[osg-users] Pragmatic shader - a new #pragma directive proposition

Sebastian Messerschmidt sebastian.messerschmidt at gmx.de
Thu Jan 14 06:47:24 PST 2016

Am 14.01.2016 um 15:01 schrieb Robert Milharcic:
> Hi Sebastian,
> First of all, the lightning shader only illustrates one of the cases 
> where (optionally) repeating a code block containing substitution 
> parameter can be useful. I used the multi-light lightning as an 
> illustration only.
>>> First, thank you for your input. Yes, that is more or less the same 
>>> approach I'm currently using. The downside of this approach is that 
>>> it requires additional nontrivial code logic for the uniform array 
>>> management (u_LightColor) and that is why I started to look at the 
>>> alternatives.
>> What could be more complicated there than to setup individual 
>> uniforms? Sorry this doesn't pass as a valid argument. If you have to 
>> hold the number of used lights somewhere you can hold a reference to 
>> the uniform as well.
> Sorry, but that is not what I had in mind.  The problem here is the 
> management of the array uniform's content and not the reference to it 
> or the light count etc. Let say I only want to disable one of the 
> lights, say LIGHT0 eg. stateset->setDefines("LIGHT0", 
> osg::StateAttribute::OFF). What will you do?
Let's say you have a fixed maximum on N, than you create a UBO/Array of 
this size and provide a count-uniform for the maximum valid entries.
If a light gets disabled, you simply remove it, copy it to the back and 
set your count to N-1.
In the shader you simply loop from 0 to count instead of N. That might 
break compiler optimization, but it won't hurt too much I guess.
When using the setDefine, OSG will have to issue a recompile of this new 
variant, which will degrade performance if all combinations are needed.

Assume 16 Lightsource, that will produce 65536 possible shader programs 
... and that is only 16, not 500, or 1000 ...
Having 1024 individually switchable Lightsources would totally wreck 
your idea of having an alternative to my solution.
2^1024 might exceed the numbers of atoms in the known universe, so there 
is not a remote chance to solve this with shader combinations...

>>> There is also an upper limit for the size of the array that needs to 
>>> be taken into account. 
>> At least 512. If this is not enough you can use Uniform buffer 
>> objects (UBO)[1] or Shader Storage Blocks[2] which support
>> If this is not enough for your light-count you will probably hit 
>> performance problems first.
> Yes, that is true. The upper limit is not a problem for this specific 
> multi-light problem.
Even so, UBOs support in the order of ten-tousands. If this is still 
isn't enough, a texture will provide maximum space.
Might be your example, but the number of individual uniforms is less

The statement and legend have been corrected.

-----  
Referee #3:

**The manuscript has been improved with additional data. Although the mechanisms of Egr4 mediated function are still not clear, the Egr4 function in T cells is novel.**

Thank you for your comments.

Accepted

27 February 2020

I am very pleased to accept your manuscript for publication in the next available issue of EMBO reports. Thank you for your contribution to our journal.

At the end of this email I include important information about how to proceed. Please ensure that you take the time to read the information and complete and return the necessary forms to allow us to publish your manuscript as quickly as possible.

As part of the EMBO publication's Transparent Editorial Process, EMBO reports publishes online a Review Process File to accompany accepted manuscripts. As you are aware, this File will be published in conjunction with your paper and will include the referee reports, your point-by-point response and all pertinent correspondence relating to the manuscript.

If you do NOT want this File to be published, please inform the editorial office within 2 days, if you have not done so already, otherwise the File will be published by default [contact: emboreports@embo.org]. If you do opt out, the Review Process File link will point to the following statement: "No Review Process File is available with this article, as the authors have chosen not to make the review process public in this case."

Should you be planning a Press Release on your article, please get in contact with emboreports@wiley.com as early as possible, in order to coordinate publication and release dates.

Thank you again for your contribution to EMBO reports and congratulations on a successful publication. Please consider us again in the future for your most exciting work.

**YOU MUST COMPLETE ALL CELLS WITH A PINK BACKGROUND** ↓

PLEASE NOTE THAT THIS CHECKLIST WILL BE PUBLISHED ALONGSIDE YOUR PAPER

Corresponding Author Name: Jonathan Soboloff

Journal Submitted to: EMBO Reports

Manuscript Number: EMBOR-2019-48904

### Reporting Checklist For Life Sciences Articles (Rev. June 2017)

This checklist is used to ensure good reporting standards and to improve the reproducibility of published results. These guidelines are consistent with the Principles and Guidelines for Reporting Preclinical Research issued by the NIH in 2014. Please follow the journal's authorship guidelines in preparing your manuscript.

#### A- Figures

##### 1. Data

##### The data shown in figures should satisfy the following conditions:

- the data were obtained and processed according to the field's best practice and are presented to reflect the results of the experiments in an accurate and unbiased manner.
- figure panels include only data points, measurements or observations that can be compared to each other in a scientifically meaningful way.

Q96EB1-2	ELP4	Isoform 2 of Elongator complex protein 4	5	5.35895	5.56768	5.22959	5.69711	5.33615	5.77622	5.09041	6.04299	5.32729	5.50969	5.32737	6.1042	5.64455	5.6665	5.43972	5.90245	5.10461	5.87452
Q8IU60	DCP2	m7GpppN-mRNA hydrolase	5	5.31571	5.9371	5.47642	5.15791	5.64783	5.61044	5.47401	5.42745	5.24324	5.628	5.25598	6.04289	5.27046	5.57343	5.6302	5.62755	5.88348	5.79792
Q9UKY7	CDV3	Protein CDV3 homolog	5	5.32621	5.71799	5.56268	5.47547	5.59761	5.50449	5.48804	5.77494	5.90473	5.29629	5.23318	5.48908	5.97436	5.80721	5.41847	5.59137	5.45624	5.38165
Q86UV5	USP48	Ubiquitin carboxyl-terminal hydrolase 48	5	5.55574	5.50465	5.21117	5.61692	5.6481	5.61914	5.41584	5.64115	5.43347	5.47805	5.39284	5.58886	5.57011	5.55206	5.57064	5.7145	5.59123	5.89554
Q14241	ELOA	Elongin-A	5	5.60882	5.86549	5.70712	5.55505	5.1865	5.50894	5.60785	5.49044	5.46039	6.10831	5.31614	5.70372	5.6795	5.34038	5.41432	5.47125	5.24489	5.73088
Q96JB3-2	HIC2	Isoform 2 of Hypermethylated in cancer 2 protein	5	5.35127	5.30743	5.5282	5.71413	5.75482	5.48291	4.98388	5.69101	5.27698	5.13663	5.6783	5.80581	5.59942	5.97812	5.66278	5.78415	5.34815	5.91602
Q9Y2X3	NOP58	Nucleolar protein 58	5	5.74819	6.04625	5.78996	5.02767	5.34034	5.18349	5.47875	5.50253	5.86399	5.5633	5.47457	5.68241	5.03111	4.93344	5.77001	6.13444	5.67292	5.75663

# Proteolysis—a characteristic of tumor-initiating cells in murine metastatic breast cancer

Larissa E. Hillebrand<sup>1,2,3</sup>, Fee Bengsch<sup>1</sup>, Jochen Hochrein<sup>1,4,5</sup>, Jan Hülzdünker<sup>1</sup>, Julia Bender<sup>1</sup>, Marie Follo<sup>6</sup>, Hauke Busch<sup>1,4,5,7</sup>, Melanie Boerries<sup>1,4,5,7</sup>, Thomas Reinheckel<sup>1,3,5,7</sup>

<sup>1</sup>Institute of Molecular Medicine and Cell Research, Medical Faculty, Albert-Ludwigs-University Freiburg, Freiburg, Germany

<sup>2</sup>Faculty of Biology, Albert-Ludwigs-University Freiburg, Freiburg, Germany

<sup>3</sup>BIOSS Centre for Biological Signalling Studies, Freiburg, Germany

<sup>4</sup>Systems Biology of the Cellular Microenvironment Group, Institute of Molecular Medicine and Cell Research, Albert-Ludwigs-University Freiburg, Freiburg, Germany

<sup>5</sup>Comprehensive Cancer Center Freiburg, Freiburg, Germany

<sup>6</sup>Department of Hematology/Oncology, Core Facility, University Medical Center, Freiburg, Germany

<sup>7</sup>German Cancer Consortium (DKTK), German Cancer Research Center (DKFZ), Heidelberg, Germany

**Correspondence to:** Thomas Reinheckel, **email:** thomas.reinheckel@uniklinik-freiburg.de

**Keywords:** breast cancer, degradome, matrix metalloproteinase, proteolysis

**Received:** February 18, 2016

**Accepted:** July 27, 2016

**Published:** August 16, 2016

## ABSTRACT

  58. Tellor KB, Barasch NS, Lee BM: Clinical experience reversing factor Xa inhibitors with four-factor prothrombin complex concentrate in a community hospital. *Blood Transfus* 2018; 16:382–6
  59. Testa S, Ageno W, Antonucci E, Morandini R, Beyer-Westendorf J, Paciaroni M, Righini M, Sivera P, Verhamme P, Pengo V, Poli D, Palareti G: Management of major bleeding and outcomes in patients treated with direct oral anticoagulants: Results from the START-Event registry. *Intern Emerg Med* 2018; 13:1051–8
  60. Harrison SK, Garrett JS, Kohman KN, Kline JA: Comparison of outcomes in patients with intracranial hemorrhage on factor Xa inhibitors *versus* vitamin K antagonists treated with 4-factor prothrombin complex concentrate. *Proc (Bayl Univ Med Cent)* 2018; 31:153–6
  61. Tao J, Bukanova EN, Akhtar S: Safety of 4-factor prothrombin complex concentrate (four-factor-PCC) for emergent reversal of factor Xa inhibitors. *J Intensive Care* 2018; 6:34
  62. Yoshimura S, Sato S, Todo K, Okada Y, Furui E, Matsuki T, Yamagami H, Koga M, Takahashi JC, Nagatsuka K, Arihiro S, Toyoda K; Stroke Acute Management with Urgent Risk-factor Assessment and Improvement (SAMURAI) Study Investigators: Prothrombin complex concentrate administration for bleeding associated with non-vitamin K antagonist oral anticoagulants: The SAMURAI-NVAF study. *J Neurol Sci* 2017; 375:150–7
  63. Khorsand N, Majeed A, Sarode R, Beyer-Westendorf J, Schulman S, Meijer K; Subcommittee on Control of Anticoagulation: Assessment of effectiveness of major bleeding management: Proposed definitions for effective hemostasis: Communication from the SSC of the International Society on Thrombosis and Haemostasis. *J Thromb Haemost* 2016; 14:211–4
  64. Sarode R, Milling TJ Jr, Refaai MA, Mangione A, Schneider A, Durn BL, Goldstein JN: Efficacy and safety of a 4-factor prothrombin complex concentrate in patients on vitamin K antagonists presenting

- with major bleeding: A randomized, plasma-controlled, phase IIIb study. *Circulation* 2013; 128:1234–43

than that. And putting a heap of uniforms into the stateset will fasten 
the handbrake on the CPU side.
>>> Also, the loop represents unnecessary overhead (though, this is not 
>>> a problem on a never hardware). 
>> That's an assumption of yours. Usually constant folded loops with 
>> single return and without break, continue-statements are unrolled by 
>> the compiler.
>> I'll accept performance comparisons however ;)
> Yes, you are right about that. The constant loop will most probably be 
> unrolled by the compiler. Of courses, that is another assumption on 
> top of the previous assumption :)
>>> On the other hand, my suggestion fits well into existing pragmatic 
>>> shader composition logic and probably has less downsides.
>> Downside is that you're trying to invent a meta-language here out of 
>> reasons that I commented on. The downside of your approach is a 
>> preprocessor language with no clear advantages over the tools already 
>> at your disposal.
>> So to say, the current language is already turing-complete and you're 
>> trying to put some syntactic sugar on top, which adds some high 
>> degree of complexity to the parser and to the shader-code.
> Exactly, that was my intention, to add a higher degree of complexity 
> and hopefully solve some problems that "turing-complete" language can't.
Turing complete solves all computable problems ;-)
I do understand your motivation, but I still don't see the gain really.
I've presented some alternative ways to solve your problem, as I came 
across some of those challenges too.
The idea Robert mentioned might be a good one, basically we could use 
some kind of callback to let the user-code preprocess the shader, wait 
actually we can already do this, when it is loaded via a LoadCallback :-)
Actually I'm preprocessing my shader code when it's loaded to perform 
"include" and automated shader-define setup, so this might work for your 
"loop" too.

>> An alternative for you is to manage this part yourself by simply 
>> overriding the parts managing the define-states. Maybe Robert O. can 
>> fill in on the details here.
>> Cheers
>> Sebastian
> Cheers,
> Robert Milharcic
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